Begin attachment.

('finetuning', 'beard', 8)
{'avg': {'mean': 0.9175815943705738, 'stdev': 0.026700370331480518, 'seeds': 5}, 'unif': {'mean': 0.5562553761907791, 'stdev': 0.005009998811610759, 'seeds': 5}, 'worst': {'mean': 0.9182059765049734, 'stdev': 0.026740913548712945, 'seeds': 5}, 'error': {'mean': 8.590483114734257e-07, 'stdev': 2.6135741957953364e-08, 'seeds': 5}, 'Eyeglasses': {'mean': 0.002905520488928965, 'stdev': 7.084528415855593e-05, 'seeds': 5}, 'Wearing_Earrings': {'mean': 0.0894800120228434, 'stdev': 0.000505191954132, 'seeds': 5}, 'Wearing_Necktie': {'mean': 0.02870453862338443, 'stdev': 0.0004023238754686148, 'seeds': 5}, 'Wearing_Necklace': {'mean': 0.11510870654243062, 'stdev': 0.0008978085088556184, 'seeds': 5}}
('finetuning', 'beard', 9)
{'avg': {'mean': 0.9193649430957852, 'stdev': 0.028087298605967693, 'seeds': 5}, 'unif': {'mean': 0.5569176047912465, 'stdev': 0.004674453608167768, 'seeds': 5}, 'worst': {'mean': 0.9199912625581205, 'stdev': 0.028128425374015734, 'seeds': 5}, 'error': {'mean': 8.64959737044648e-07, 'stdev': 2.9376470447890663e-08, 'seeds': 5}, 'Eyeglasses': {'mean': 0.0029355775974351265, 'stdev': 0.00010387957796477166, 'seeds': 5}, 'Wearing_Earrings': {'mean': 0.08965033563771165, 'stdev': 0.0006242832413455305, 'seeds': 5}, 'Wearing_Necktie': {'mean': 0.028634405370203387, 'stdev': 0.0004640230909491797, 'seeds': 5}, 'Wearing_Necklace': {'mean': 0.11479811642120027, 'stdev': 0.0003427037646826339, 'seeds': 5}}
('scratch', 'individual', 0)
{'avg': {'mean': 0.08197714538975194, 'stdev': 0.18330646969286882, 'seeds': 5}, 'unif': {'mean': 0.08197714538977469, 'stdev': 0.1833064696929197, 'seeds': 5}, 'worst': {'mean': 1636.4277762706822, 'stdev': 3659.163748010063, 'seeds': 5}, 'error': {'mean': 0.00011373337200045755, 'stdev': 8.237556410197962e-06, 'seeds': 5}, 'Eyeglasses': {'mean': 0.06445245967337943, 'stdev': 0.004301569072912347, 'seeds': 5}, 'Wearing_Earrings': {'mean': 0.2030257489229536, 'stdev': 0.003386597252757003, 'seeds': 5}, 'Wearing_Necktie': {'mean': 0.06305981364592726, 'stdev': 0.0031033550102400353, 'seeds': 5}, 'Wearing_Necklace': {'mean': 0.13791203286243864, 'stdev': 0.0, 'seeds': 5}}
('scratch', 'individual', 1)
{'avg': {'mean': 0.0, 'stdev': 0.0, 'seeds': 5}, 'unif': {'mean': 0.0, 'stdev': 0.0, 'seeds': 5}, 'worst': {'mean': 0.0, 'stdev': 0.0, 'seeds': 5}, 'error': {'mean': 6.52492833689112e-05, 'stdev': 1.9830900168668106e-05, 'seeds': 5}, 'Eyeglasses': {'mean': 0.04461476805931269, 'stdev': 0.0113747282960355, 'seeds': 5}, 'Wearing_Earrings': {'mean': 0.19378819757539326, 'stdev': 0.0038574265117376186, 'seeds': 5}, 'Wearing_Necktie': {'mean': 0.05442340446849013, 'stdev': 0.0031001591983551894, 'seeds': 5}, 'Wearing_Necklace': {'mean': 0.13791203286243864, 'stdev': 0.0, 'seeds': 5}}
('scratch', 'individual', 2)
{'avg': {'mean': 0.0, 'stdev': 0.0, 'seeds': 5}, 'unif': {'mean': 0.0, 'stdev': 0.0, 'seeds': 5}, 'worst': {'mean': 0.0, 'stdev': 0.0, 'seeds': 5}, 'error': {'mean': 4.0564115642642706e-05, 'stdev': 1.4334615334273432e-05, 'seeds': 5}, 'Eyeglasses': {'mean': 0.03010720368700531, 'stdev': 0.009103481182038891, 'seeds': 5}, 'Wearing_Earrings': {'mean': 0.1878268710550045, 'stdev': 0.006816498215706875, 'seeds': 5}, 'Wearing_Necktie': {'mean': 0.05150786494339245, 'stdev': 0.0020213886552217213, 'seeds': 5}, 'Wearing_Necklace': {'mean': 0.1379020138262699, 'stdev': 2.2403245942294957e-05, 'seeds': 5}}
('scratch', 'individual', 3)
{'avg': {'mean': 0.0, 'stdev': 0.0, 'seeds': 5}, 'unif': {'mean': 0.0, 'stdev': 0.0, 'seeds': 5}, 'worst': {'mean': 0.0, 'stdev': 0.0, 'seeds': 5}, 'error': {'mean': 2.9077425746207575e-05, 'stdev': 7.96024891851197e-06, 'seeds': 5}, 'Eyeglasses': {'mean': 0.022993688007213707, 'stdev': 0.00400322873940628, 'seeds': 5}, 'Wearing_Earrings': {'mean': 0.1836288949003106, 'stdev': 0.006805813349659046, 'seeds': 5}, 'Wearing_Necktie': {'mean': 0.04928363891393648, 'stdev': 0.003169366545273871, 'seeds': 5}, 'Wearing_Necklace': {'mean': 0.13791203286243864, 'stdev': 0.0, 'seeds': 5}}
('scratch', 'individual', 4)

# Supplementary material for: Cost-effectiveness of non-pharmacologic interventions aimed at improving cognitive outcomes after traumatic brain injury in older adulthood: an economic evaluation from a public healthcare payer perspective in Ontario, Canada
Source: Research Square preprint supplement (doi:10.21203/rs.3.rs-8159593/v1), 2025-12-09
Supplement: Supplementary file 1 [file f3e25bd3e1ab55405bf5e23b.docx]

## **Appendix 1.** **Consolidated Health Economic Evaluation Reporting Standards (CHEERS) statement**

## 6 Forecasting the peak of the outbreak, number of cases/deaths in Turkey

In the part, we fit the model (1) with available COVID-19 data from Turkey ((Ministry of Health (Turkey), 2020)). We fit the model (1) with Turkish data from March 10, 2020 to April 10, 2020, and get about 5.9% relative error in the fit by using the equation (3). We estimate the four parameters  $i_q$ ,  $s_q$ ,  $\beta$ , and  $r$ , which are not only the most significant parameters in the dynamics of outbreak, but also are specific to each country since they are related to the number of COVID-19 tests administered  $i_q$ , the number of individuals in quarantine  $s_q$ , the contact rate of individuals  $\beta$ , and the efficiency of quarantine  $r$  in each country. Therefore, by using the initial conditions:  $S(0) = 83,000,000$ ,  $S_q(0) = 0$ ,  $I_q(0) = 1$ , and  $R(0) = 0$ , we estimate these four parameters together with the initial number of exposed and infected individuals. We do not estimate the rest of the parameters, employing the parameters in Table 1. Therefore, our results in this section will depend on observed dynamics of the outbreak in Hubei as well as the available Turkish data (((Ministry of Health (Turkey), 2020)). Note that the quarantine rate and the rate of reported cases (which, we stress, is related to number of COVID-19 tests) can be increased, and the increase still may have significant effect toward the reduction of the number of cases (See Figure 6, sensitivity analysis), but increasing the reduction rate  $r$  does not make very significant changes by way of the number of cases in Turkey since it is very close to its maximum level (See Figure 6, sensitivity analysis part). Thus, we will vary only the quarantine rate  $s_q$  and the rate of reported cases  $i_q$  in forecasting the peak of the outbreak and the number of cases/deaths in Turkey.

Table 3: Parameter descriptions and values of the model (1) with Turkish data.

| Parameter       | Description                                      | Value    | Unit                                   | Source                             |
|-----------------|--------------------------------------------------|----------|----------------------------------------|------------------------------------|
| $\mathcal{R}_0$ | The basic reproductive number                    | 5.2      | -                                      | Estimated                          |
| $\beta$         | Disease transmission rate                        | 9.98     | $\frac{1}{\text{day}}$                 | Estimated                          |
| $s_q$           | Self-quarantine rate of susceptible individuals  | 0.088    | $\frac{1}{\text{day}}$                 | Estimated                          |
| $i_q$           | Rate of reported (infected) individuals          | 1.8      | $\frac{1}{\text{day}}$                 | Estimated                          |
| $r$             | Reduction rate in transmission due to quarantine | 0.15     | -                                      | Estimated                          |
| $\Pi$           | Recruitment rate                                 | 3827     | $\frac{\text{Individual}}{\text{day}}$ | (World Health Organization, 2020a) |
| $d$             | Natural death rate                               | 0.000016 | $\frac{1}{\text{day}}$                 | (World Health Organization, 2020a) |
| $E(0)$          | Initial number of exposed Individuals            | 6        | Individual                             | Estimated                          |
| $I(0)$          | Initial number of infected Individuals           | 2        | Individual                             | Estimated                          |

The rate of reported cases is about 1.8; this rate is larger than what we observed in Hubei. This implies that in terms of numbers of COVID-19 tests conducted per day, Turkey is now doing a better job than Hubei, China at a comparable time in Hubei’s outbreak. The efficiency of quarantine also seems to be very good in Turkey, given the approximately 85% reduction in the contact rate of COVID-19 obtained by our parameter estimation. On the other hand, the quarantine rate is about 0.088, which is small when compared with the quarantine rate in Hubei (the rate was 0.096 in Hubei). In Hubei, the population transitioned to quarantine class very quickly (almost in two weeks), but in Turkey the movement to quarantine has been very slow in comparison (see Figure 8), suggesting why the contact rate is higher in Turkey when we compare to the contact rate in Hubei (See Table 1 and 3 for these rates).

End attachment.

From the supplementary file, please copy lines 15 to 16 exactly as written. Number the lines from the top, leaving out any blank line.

Source: Research Square preprint supplement (doi:10.21203/rs.3.rs-8159593/v1), 2025-12-09
Supplement: Supplementary file 1 [file f3e25bd3e1ab55405bf5e23b.docx]